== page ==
Coping with Wandering and Exit Seeking in Dementia Patients
People with Alzheimer’s, or another form of dementia, often exhibit symptoms of the disorder that are known as wandering or exit seeking behaviors.
What is Wandering?
Anyone with memory issues, but is still mobile enough to get around on their own, can be prone to wandering. The term wandering makes it sound like an aimless act, but this is often not the case.
Wandering can be caused by confusion or disorientation, but sometimes wandering is just the person’s way of showing others they are still capable of independent activity. Whatever the reason may be for your loved one wandering, it can be very dangerous if not properly monitored and managed.
Early Warning Signs of Wandering
It is helpful to know the telltale signs of the early stages of wandering so it can be handled before it gets out of control.
Some signs to look out for, may include:
- Taking longer than usual on routine walks or errands
- Problems with navigation in familiar areas
- Restless, anxious, nervous, or repetitive behavior
- Retired people may talk about having to get to work
- Talk about visiting deceased friends or family like they are still alive
- Says “I want to go home”, even when at home
- Trouble remembering where various rooms are in the house
- Tries to perform daily tasks and routines, but nothing gets done
These are symptoms that are generally associated with the early stages of dementia, wandering behaviors are frequently soon to follow.
How to Prevent Wandering in Dementia Patients
If you find your loved one is beginning to wander, and you are concerned for their safety, there are a few things you can try to help manage the situation.
To help prevent wandering, it is usually a good idea to:
- Create an organized and structured routine
- Identify wandering triggers
- Determine what time of day wandering typically occurs
- Make essentials are taken care of
- Provide reassurance
- Provide supervision
- Avoid problematic locations
- Car keys and locks
- Notification alarms
One of the best ways to help prevent confusion in dementia patients is by creating and following an organized daily schedule. If activities, tasks, and meals happen at the same time every day, it leaves less room for disorientation.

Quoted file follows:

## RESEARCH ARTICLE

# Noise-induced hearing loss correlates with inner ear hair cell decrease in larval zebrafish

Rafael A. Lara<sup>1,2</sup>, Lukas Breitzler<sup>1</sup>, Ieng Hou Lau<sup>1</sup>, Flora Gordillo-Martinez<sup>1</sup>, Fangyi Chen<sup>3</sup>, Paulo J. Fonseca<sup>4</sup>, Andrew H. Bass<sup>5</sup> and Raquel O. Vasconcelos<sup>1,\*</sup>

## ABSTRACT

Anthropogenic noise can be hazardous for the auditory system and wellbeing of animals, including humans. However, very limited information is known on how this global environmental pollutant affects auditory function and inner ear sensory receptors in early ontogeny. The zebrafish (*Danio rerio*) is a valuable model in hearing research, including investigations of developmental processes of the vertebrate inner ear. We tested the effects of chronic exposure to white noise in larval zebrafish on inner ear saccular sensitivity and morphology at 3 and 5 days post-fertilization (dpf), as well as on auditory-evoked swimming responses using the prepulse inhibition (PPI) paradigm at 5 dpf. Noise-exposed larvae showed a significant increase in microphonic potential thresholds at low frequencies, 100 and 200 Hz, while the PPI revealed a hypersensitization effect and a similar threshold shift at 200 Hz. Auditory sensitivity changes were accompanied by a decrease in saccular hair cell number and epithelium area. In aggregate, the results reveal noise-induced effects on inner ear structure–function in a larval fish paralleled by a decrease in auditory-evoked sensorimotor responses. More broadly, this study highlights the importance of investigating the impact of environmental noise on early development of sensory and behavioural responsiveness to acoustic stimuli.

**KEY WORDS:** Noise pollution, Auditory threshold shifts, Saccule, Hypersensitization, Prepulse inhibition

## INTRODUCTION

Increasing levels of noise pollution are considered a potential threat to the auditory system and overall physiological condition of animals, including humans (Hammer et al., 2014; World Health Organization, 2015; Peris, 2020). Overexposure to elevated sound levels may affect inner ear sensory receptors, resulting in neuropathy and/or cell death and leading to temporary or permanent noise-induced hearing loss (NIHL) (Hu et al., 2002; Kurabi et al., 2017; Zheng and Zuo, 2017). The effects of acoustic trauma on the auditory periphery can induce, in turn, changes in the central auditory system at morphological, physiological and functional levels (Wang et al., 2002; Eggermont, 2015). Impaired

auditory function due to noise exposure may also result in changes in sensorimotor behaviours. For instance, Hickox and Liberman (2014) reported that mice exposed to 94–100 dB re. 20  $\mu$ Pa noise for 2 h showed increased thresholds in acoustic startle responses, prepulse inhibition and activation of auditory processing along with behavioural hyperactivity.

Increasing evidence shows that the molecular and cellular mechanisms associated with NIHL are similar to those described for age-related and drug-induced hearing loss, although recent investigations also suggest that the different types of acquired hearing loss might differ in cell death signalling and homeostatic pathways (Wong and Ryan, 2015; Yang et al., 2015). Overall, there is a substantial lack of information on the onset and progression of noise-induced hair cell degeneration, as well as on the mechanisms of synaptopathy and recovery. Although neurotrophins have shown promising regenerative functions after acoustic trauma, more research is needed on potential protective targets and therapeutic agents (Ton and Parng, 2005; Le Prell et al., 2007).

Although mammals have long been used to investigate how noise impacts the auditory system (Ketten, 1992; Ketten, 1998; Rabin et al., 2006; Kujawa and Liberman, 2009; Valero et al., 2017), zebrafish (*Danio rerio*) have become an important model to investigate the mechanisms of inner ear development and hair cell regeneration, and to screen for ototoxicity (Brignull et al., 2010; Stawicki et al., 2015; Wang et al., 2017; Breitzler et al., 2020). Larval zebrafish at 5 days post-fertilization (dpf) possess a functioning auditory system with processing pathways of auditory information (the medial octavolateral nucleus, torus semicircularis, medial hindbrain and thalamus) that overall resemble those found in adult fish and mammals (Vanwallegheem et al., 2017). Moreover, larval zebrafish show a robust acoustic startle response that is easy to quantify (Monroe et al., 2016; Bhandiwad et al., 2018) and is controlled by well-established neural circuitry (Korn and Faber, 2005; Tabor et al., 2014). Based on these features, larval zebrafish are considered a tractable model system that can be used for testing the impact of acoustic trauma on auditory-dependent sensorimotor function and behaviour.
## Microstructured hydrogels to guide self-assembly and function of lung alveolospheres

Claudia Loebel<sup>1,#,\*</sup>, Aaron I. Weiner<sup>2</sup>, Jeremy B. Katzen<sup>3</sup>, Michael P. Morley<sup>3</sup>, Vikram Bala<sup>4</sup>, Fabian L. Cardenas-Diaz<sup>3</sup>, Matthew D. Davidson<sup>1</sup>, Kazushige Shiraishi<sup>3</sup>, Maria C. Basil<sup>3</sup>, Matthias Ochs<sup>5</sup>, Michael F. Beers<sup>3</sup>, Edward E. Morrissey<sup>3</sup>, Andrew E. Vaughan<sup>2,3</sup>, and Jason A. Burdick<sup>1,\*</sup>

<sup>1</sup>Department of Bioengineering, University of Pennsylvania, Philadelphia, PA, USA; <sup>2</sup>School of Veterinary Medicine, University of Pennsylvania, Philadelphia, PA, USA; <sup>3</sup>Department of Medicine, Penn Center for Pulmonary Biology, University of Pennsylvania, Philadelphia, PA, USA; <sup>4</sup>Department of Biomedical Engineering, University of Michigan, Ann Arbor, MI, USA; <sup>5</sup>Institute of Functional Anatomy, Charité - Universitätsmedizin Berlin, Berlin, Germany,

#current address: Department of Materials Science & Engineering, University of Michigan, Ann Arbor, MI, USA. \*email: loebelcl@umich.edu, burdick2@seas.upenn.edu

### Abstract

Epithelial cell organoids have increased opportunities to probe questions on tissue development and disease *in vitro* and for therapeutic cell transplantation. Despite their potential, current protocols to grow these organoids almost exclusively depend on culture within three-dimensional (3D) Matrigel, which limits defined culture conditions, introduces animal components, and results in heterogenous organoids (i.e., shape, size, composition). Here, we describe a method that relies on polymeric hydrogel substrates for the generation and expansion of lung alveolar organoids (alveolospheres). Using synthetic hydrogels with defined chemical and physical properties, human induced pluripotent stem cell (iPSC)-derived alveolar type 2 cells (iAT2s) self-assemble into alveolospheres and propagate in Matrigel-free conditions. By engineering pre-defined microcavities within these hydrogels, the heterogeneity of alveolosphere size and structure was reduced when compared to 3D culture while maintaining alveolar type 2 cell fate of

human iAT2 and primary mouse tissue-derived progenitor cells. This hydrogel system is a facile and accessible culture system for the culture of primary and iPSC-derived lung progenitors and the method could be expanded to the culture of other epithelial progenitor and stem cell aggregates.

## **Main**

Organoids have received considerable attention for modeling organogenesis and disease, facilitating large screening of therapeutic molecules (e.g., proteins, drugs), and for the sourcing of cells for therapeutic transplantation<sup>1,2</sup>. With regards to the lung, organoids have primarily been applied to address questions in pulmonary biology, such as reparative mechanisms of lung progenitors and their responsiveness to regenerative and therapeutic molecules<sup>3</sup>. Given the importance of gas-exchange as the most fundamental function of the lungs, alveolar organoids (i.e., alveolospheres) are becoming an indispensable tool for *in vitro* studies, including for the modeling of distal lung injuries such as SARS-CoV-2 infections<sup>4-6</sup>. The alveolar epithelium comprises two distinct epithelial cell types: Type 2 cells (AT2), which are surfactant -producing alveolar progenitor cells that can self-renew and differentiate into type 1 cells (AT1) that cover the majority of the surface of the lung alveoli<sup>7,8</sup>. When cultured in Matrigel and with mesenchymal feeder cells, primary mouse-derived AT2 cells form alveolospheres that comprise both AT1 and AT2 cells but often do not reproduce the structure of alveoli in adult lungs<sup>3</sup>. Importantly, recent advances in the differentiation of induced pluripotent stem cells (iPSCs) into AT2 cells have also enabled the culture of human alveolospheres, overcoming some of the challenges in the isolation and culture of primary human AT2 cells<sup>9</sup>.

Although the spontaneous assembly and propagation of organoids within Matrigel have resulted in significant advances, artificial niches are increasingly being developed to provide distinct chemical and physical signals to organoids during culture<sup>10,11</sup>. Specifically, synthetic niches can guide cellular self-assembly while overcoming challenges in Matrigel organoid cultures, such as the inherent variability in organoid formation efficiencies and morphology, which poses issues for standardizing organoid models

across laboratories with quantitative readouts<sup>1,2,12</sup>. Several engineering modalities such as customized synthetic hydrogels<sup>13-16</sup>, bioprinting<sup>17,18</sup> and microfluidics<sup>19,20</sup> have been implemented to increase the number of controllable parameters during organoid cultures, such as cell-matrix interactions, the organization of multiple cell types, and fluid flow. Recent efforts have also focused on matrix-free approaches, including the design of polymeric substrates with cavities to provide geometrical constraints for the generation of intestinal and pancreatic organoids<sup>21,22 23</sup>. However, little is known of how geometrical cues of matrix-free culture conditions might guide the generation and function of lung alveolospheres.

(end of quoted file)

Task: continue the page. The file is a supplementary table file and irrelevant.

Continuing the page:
People with dementia that are prone to wandering are usually set off by certain triggers.
Some common wandering triggers in dementia patients, are:
- Delusions or hallucinations
- Hunger, thirst, need to use the bathroom
- Onset of evening – sundowning
Time of Day
Many dementia sufferers exhibit a symptom referred to as sundowning. This is also known as late day or early evening confusion. For most individuals with dementia, it is extremely demanding and exhausting just getting through the day. By the time evening comes around, regular mental and behavioral processes may not be working as they should.
Try to determine what time of day wandering typically occurs, and arrange an activity or rest time for those periods.
Dementia patients that have their essential needs taken care of, like food, water, toileting, and rest, are less likely to wander.
If the person becomes confused and starts to panic, a little reassurance that they are safe and everything is OK, can really help.
Sometimes the only solution is constant supervision. This is particularly true for dementia patients outside the home, or in unfamiliar surroundings.
Try to avoid crowded or noisy places that are likely to set off an episode.
Car Keys and Locks
Don’t make it easy for your loved one to wander. Make sure car keys are kept out of sight, and inside the house door locks are not easy to open (or locate) to get outside.
If the issue becomes frequent, you may want to install devices or alarms that go off when a door or window is opened.
What is Exit Seeking?
Exit seeking is another common symptom of dementia that is very similar to wandering. Also called elopement, exit-seeking is basically just a more purposeful or driven form of wandering. Exit seekers are not trying to hide their intentions or behaviors and may even get agitated and cause a scene when the impulse comes to make a swift exit.
Stay Calm and Don’t Argue
When dealing with exit seekers, it is extremely important to stay calm and not be argumentative.
Try putting yourself in the patient’s shoes. Imagine you are trying to leave a place to deal with some important business. As you are leaving, someone stops you and says “No, you can’t leave. You have to stay here”. Now you are being detained and you are not sure why. This situation can escalate in a hurry.
Look for a Reason or Trigger
Try to figure out what has sparked this immediate need to leave, and that may help with a solution for the present situation and future episodes.
Exit Seeking Prevention
Steps to prevent exit seeking are quite similar to those used to inhibit wandering, but maybe with a bit more authority.
- Avoid overstimulation – crowds, noise, bright lights, clutter
- Avoid under-stimulation – boredom is often a good reason to bolt
- Install signs in the home for easy navigation
- Disguise exit doors
- Install notification alarms
- Inform neighbors and friends to be on the lookout
- Make sure dementia patients always have ID and address on them
- Medical alert bracelet